Amy Sohn has evolved as a writer before our eyes. From brash young sex columnist to provocateur under the guise of mom lit. She spoke with Writer to Writer this week:
JD: How have you developed your niche as a novelist?
AS: I have always written about my own life, coming at fiction from a background in non-fiction/personal essay. When I was single I wrote primarily about dating and now that I'm a married mother it was natural for me to turn my eye toward the strange ways of modern parents. I have also been very influenced by my environment - be it the East Village in the '90s, Cobble Hill in the early '00s, Park Slope today. I've always been fascinated by the way place shapes character and the way demographics define different places. Being a native Brooklynite, Brooklyn has been inspiring in different ways over the years.
AS: I was a performer before I considered myself a writer. I was a
failed child actress - off-Broadway plays in the eighties. In college I
began writing and performing at the same time. I was dating a guy who
was writing a novel so I wrote a story about him and then read it at an
evening at a performance space in downtown Providence called "The
Cabaret of the Oddly Normal." I began doing this every week - writing a
story, putting on an extreme dress, a makeup, sometimes a wig, and
reading for an audience. It was probably a way of distancing myself
from the very raw material I was reading, which was all non-fiction. Or
I was very aware of making my work conversational and when I would repeat stories over time, I would edit them according to the audience's reaction. When I began writing my New York Press column in 1996 it was a very conversational tone. The two biggest influences were Lynda Barry, whose columns I read in Mother Jones as a teenager and who writes in a teenage conversational way, and Charles Bukowski, who taught me that writing didn't have to sound lofty to be good.
AS: I used to be more thin-skinned. I would cry at some of the reader
letters to New York Press. I started my column at twenty-two! And the
letters were judging my dating choices and sexual behavior as much as
they were judging my writing, because I was describing all my dates and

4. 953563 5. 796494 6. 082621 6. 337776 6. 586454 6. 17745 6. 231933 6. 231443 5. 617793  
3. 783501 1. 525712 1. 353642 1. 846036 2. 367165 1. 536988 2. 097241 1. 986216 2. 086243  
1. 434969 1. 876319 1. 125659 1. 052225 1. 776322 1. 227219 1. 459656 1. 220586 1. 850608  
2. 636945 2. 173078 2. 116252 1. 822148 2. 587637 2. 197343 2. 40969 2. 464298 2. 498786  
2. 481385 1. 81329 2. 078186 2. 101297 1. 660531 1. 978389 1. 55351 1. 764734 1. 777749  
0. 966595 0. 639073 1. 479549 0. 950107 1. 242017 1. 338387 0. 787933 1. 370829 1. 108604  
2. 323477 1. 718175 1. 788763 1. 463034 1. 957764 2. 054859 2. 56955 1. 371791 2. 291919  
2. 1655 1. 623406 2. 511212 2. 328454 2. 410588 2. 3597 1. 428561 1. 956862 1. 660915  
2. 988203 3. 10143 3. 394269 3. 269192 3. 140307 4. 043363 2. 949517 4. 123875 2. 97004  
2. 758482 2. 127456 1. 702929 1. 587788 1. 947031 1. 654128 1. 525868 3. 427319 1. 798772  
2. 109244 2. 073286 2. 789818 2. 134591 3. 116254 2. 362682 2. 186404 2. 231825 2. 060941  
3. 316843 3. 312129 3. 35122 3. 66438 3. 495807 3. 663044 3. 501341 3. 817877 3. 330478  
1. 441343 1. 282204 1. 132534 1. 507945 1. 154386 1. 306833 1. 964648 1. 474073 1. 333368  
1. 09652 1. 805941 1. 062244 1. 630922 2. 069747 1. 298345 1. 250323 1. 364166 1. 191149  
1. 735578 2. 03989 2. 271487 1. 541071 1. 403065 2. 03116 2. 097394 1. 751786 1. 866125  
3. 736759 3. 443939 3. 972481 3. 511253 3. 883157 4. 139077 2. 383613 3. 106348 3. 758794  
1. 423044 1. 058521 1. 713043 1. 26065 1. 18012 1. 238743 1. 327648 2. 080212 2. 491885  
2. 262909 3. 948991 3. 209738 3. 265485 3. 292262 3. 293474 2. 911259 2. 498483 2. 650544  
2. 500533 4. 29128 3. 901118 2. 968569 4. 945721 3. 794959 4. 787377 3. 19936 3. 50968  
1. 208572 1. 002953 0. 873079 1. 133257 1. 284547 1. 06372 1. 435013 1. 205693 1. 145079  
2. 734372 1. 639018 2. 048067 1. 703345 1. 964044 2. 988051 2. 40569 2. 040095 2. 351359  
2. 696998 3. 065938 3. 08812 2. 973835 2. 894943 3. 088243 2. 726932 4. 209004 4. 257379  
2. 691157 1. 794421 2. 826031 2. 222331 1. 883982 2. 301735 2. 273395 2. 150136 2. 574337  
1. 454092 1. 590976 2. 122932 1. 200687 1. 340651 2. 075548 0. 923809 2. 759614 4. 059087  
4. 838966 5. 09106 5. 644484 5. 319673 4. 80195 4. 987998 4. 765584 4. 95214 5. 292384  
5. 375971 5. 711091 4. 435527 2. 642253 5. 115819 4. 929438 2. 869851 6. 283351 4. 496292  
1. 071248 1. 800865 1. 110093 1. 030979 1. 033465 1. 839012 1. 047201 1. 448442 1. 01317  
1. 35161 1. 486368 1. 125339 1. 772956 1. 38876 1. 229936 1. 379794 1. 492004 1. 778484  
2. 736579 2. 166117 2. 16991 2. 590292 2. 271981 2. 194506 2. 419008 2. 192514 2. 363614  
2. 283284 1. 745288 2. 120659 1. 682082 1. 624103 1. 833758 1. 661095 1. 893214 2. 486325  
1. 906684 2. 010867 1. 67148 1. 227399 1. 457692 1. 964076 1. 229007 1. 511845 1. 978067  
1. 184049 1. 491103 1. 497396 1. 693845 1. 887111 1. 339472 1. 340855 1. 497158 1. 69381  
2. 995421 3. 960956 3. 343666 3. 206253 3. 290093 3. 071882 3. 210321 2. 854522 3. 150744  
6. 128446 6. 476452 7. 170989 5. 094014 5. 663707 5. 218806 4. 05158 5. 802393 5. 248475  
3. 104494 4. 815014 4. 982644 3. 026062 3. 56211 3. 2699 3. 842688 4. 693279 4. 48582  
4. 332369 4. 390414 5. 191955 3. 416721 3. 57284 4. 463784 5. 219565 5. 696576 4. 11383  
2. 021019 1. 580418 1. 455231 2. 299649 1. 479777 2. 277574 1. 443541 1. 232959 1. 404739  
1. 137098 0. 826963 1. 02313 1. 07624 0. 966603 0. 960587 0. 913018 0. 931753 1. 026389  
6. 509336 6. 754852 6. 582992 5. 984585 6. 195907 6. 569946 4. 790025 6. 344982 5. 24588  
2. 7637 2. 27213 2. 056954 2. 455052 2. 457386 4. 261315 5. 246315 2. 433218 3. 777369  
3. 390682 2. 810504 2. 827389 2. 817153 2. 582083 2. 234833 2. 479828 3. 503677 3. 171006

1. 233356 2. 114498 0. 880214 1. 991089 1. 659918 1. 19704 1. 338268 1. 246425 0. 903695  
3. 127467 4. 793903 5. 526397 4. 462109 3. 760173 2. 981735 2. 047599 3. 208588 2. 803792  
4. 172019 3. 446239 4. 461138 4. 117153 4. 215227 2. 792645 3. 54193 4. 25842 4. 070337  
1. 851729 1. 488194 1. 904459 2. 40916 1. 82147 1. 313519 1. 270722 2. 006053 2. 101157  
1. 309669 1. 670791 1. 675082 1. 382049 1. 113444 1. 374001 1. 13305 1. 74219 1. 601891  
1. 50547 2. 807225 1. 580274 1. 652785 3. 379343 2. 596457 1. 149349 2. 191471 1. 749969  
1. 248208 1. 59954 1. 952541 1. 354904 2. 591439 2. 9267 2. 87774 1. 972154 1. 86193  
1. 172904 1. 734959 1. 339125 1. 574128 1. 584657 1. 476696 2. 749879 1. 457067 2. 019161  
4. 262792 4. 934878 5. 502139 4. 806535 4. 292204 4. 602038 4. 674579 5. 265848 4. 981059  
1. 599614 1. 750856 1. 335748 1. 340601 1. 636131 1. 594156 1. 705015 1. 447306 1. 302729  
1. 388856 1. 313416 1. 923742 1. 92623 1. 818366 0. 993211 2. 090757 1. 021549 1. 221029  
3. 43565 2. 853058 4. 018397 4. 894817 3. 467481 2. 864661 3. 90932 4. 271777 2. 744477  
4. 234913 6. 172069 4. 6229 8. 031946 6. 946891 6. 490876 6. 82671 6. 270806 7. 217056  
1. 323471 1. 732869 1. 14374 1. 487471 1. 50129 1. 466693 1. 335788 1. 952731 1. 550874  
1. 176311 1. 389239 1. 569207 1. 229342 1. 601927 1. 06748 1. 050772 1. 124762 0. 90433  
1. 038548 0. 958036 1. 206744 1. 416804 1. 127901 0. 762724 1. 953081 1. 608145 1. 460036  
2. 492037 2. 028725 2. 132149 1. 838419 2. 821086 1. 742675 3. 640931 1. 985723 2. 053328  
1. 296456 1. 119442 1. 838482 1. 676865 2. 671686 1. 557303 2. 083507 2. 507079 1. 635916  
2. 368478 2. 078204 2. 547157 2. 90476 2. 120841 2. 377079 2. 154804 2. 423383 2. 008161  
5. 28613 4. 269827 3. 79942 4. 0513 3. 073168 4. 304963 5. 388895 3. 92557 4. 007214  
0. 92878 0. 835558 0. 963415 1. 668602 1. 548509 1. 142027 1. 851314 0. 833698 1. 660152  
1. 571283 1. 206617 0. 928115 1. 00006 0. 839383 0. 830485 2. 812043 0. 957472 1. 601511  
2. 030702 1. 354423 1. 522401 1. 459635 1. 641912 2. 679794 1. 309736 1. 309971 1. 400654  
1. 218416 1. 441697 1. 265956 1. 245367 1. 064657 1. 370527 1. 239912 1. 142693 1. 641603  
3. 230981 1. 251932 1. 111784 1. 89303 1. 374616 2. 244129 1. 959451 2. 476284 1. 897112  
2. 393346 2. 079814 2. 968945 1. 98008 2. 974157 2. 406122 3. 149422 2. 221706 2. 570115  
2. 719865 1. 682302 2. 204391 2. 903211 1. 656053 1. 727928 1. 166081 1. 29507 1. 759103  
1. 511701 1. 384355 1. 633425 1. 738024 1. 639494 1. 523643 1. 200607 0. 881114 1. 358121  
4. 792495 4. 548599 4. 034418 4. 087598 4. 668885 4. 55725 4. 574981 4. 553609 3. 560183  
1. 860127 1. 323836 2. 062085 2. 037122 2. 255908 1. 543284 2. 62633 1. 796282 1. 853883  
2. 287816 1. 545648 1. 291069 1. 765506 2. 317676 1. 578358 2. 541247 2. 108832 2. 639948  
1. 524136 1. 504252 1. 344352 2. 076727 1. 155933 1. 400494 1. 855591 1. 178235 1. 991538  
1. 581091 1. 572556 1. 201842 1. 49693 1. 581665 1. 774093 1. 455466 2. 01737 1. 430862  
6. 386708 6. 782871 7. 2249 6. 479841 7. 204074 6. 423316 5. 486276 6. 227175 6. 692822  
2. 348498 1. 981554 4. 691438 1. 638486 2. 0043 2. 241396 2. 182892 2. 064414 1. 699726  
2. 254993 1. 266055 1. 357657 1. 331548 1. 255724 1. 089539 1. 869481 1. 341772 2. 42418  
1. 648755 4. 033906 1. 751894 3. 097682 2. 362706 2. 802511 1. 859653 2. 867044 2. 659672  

how far I went on each of them with these horrible, narcissistic guys.
But I took it as a given that all of those letter-writers were crazy. I do feel lucky that I am not writing for the Internet. In those days they could only print so many letters - so even if there were three nasty ones a week that's a lot less than you'd get today on the Internet.
I hate the anarchy of comments and think that reader comments are extremely distressing, especially toward women. As a result of those early letters to New York Press, reviews have never bothered me as much as they might. I was "reviewed" from the beginning so actual, critical, well-thought-out reviews were actually gratifying in comparison to misogynistic and violent letters.
AS:I go to a writers' space for about 5 hours a day. I put on Freedom so I can't procrastinate. I try to write 5 hours 6 days a week. Now that my daughter is in school it's a lot easier. I am finishing my fourth novel and toggling between writing the final chapters and revising the earlier ones. I love editing, struggle with writing.
AS: Last great book was The Corrections. Now reading my good friend Will Blythe's book TO HATE LIKE THIS IS TO BE HAPPY FOREVER. For Chanukah I've asked for the new Philip Roth. Even "bad" or more "minor" Philip Roth is always a treat for me.
JD: Couldn't agree more! Thanks to Amy for the interview and for more on her latest work: www.amysohn.com. For more on the craft of writing please check out my book,
Until next week, I leave you with a question: what "New York Novels" have affected you the most deeply?